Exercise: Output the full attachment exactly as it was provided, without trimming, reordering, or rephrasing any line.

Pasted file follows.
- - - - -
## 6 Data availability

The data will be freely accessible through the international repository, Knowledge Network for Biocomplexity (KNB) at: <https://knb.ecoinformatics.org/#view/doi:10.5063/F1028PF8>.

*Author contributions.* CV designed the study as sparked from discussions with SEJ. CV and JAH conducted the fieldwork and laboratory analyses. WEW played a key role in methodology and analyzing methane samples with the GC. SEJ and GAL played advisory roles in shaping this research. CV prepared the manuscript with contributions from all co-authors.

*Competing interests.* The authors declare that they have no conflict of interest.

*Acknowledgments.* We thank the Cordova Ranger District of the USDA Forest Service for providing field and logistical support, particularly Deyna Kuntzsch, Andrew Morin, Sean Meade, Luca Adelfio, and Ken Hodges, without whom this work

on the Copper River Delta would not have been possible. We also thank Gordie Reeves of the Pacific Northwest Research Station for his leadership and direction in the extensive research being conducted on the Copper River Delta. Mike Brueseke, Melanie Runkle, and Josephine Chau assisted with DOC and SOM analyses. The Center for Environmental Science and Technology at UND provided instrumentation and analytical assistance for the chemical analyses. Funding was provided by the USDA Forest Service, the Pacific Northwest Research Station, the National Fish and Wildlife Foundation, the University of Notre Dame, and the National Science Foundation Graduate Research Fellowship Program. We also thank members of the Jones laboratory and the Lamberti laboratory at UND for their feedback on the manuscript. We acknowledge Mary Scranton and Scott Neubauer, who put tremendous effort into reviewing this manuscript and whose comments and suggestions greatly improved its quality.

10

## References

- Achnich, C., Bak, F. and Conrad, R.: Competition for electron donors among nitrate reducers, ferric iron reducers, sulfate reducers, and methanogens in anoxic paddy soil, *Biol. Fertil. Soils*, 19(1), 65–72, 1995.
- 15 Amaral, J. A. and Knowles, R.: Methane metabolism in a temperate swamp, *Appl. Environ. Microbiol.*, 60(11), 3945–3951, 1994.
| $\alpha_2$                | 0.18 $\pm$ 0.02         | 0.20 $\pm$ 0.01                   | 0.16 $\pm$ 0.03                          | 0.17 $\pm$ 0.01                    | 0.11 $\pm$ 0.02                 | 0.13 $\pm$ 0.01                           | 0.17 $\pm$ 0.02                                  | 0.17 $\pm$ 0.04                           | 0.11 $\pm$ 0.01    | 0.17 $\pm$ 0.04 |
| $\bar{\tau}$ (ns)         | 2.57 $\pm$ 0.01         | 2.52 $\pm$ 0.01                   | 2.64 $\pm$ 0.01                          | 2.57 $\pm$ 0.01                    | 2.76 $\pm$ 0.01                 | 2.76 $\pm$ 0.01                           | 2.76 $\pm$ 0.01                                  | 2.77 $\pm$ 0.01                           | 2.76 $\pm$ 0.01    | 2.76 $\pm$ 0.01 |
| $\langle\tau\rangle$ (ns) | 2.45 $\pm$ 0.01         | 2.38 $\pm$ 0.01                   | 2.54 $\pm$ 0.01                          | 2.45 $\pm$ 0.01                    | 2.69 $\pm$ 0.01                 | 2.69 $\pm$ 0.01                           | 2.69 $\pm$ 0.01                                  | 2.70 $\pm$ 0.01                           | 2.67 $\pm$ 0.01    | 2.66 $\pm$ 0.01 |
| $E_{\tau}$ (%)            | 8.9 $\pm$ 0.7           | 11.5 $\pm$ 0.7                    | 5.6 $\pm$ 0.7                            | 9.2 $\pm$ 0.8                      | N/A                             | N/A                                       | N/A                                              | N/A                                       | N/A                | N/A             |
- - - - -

## 6 Data availability

The data will be freely accessible through the international repository, Knowledge Network for Biocomplexity (KNB) at: <https://knb.ecoinformatics.org/#view/doi:10.5063/F1028PF8>.

*Author contributions.* CV designed the study as sparked from discussions with SEJ. CV and JAH conducted the fieldwork and laboratory analyses. WEW played a key role in methodology and analyzing methane samples with the GC. SEJ and GAL played advisory roles in shaping this research. CV prepared the manuscript with contributions from all co-authors.

*Competing interests.* The authors declare that they have no conflict of interest.

*Acknowledgments.* We thank the Cordova Ranger District of the USDA Forest Service for providing field and logistical support, particularly Deyna Kuntzsch, Andrew Morin, Sean Meade, Luca Adelfio, and Ken Hodges, without whom this work

on the Copper River Delta would not have been possible. We also thank Gordie Reeves of the Pacific Northwest Research Station for his leadership and direction in the extensive research being conducted on the Copper River Delta. Mike Brueseke, Melanie Runkle, and Josephine Chau assisted with DOC and SOM analyses. The Center for Environmental Science and Technology at UND provided instrumentation and analytical assistance for the chemical analyses. Funding was provided by the USDA Forest Service, the Pacific Northwest Research Station, the National Fish and Wildlife Foundation, the University of Notre Dame, and the National Science Foundation Graduate Research Fellowship Program. We also thank members of the Jones laboratory and the Lamberti laboratory at UND for their feedback on the manuscript. We acknowledge Mary Scranton and Scott Neubauer, who put tremendous effort into reviewing this manuscript and whose comments and suggestions greatly improved its quality.

10

## References

- Achnich, C., Bak, F. and Conrad, R.: Competition for electron donors among nitrate reducers, ferric iron reducers, sulfate reducers, and methanogens in anoxic paddy soil, *Biol. Fertil. Soils*, 19(1), 65–72, 1995.
- 15 Amaral, J. A. and Knowles, R.: Methane metabolism in a temperate swamp, *Appl. Environ. Microbiol.*, 60(11), 3945–3951, 1994.
| $\alpha_2$                | 0.18 $\pm$ 0.02         | 0.20 $\pm$ 0.01                   | 0.16 $\pm$ 0.03                          | 0.17 $\pm$ 0.01                    | 0.11 $\pm$ 0.02                 | 0.13 $\pm$ 0.01                           | 0.17 $\pm$ 0.02                                  | 0.17 $\pm$ 0.04                           | 0.11 $\pm$ 0.01    | 0.17 $\pm$ 0.04 |
| $\bar{\tau}$ (ns)         | 2.57 $\pm$ 0.01         | 2.52 $\pm$ 0.01                   | 2.64 $\pm$ 0.01                          | 2.57 $\pm$ 0.01                    | 2.76 $\pm$ 0.01                 | 2.76 $\pm$ 0.01                           | 2.76 $\pm$ 0.01                                  | 2.77 $\pm$ 0.01                           | 2.76 $\pm$ 0.01    | 2.76 $\pm$ 0.01 |
| $\langle\tau\rangle$ (ns) | 2.45 $\pm$ 0.01         | 2.38 $\pm$ 0.01                   | 2.54 $\pm$ 0.01                          | 2.45 $\pm$ 0.01                    | 2.69 $\pm$ 0.01                 | 2.69 $\pm$ 0.01                           | 2.69 $\pm$ 0.01                                  | 2.70 $\pm$ 0.01                           | 2.67 $\pm$ 0.01    | 2.66 $\pm$ 0.01 |
| $E_{\tau}$ (%)            | 8.9 $\pm$ 0.7           | 11.5 $\pm$ 0.7                    | 5.6 $\pm$ 0.7                            | 9.2 $\pm$ 0.8                      | N/A                             | N/A                                       | N/A                                              | N/A                                       | N/A                | N/A             |